Instead, that money is being used for tax cuts, putting the state in a deep fiscal hole. The effectiveness of these tax cuts in achieving their goals, be it encouraging economic growth or helping families, is debatable. Their effect on the budget is not.

Budget Beat: Senator Manchin Calls For Delay in Key Component of Obamacare

In response to the bumpy roll-out of the Obamacare website, Senator Joe Manchin is promoting a delay in the individual mandate which requires people to sign up for health insurance by April 1. In this blog post, Brandon explains why the delay is not a good idea and how it would be costly to West Virginians. Look for more in the Charleston Gazette and West Virginia Public Radio.

The true value of the minimum wage had declined from its peak in 1968 ($10.72) to today ($7.25). WVCBP research on how raising the wage to $10.10 would help over 190,000 West Virginia workers was covered by the Huntington Herald-Dispatch and West Virginia Public News Service this week. Another reason to raise the wage? Research shows that half of the country’s fast food workers rely on public assistance to get by.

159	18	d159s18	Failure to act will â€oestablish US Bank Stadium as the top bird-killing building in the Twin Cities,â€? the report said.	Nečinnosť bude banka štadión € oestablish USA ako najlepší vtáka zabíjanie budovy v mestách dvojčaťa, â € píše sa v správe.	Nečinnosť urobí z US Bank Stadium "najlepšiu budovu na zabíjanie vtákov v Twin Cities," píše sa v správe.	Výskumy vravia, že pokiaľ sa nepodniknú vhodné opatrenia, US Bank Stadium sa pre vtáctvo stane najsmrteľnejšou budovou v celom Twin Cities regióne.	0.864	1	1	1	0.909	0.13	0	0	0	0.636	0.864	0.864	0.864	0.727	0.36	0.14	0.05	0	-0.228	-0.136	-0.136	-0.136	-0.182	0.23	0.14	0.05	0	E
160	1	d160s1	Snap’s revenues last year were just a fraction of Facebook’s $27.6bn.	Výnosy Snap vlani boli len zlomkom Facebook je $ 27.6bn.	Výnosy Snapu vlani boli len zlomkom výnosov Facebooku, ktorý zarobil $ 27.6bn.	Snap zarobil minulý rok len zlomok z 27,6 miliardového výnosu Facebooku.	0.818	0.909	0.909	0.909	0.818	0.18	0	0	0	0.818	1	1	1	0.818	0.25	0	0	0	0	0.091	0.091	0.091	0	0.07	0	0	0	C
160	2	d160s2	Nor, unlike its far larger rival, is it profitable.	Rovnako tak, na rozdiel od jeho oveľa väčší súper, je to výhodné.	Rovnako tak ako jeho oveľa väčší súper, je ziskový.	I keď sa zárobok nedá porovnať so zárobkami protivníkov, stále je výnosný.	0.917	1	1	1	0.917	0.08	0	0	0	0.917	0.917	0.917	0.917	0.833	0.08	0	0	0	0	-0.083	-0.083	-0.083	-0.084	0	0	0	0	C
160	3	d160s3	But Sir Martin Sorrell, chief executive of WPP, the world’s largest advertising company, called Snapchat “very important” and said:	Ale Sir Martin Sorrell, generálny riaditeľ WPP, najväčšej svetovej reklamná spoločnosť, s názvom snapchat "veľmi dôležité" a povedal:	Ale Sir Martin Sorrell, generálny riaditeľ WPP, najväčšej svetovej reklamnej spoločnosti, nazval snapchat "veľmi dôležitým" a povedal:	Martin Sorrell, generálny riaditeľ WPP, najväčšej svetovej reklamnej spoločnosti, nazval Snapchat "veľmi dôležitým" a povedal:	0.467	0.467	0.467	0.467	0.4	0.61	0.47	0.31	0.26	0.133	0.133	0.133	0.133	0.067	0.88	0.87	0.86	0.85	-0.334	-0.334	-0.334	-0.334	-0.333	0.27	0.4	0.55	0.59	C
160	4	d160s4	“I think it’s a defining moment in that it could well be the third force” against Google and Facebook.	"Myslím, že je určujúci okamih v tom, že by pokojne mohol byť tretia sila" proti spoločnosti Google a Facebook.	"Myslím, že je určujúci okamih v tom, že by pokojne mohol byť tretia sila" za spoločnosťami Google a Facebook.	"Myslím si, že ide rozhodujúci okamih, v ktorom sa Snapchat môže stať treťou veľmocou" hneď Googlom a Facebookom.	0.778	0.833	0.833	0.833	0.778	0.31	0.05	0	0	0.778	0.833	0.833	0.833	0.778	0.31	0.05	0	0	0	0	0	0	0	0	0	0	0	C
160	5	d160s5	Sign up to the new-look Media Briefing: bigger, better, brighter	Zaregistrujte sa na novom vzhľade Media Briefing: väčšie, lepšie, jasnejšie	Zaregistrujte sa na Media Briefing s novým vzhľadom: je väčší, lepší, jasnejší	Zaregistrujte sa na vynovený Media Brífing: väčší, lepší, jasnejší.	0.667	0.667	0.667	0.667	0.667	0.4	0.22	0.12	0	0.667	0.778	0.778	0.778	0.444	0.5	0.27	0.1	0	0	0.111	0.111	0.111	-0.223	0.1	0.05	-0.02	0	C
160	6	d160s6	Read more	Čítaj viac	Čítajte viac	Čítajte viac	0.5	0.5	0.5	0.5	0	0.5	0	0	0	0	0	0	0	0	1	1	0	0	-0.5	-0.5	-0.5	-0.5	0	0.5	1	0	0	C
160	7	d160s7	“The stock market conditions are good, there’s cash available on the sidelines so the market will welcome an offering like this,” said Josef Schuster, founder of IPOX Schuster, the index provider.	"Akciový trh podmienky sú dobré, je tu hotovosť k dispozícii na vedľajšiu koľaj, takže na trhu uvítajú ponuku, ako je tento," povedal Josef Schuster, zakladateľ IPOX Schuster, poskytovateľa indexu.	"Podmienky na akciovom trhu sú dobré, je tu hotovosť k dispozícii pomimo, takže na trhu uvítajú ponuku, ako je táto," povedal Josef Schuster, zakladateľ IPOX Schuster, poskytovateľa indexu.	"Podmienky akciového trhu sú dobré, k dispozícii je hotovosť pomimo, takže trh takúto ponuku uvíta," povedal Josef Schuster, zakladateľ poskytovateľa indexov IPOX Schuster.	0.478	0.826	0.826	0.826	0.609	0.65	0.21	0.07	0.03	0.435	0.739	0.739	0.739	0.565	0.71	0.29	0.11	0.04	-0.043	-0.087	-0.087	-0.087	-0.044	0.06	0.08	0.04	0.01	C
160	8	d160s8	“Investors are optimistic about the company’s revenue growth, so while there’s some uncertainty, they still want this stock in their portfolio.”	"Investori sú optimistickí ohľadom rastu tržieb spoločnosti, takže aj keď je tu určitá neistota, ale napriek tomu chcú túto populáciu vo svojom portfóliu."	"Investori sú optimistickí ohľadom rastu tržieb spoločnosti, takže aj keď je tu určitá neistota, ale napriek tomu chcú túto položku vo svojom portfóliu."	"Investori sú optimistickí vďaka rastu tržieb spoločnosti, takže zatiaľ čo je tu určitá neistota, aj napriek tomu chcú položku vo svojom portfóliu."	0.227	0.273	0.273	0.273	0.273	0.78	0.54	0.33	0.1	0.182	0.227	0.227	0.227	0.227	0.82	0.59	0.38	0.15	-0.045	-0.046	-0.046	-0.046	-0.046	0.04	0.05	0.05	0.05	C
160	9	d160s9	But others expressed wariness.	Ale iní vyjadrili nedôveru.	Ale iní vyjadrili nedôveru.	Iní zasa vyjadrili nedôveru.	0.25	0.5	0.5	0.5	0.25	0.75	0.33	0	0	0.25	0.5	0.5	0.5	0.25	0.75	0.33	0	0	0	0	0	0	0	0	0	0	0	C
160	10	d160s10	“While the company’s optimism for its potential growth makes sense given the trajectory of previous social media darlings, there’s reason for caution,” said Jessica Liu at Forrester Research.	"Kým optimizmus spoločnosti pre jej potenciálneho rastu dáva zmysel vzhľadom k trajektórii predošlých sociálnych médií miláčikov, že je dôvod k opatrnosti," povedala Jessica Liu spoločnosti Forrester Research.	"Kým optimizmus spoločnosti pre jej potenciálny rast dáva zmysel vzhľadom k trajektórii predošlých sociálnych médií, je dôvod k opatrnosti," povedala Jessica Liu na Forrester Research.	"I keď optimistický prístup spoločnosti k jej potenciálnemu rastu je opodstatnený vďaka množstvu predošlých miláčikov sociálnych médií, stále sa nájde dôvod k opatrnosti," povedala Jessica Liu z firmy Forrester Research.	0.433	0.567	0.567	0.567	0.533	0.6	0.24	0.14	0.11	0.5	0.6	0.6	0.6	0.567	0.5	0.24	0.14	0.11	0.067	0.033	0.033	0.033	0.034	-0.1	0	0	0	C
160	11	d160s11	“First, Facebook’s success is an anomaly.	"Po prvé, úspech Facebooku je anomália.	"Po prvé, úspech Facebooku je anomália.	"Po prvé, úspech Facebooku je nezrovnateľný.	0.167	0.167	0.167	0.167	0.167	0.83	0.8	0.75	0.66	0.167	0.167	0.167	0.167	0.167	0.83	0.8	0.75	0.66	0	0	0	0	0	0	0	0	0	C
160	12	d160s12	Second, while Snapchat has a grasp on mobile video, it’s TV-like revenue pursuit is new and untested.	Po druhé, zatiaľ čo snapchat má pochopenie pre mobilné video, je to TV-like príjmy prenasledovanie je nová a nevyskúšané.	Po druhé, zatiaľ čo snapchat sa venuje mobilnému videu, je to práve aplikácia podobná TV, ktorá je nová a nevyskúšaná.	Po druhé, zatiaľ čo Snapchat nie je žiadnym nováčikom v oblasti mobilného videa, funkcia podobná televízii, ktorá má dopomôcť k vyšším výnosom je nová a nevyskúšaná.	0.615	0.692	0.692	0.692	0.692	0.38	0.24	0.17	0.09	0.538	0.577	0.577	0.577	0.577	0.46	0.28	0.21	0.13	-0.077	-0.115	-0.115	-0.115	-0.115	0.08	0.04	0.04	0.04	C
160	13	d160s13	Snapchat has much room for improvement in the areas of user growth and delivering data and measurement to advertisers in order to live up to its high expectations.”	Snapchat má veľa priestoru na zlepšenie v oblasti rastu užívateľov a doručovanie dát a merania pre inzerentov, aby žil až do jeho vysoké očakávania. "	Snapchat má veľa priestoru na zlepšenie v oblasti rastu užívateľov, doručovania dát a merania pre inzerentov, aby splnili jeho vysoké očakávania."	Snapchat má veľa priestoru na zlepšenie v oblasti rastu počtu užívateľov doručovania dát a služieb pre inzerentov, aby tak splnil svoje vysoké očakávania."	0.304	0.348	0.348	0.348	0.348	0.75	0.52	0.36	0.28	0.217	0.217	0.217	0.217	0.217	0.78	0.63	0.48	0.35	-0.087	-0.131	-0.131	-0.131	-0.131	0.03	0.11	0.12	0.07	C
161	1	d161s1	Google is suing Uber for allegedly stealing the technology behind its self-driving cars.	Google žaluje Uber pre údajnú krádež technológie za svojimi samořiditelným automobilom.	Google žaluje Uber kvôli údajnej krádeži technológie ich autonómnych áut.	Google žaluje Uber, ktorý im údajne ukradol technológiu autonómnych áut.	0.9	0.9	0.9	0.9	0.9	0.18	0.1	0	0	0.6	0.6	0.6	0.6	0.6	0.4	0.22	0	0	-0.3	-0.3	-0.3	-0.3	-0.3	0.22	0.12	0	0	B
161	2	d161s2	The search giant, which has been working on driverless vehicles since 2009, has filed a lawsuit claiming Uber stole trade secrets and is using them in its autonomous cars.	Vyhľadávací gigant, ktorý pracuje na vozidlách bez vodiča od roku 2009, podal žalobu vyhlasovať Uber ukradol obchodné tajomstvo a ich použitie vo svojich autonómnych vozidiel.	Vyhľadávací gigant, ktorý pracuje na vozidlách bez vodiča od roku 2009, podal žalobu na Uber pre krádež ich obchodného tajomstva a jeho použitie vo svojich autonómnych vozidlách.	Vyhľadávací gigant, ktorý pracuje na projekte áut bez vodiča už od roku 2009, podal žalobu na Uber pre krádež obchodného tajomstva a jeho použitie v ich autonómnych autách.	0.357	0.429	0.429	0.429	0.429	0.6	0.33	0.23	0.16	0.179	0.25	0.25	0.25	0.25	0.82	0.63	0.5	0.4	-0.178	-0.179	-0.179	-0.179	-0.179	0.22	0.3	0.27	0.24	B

While the debt ceiling debacle and the government shutdown have ended until next year, Congress will again start grappling with the problem in December. To get you ready, read this article from Dylan Mathews of the Washington Post to better understand how the debt, deficit, and money work in our economy.

Last week, we talked about the need for West Virginia to ensure that out-of-state drivers pay their share of the costs for maintaining the state’s roadways. This policy was supported by the Charleston Gazette this week.

West Virginia faces an $80 million budget shortfall for the next fiscal year. In his blog post this week, Ted points out that the state would not be in this position if the legislature had not passed $316 million in tax cuts in recent years.

With Halloween just around the corner, what might be the scariest part of the season for many West Virginia low-income families is November 1 when those relying on food stamp benefits will all see a cut. Nearly 40% of those affected will be children. Read more in Sean’s blog post.


November 1 SNAP Cuts Will Affect 350,000 in West Virginia

As Ted first pointed out back in August, the 2009 Recovery Act’s temporary boost in Supplemental Nutrition Assistance Program (SNAP) benefits ends on November 1, 2013, which will mean a benefit cut for each of the nearly 48 million SNAP recipients in the country, including 350,000 here in West Virginia.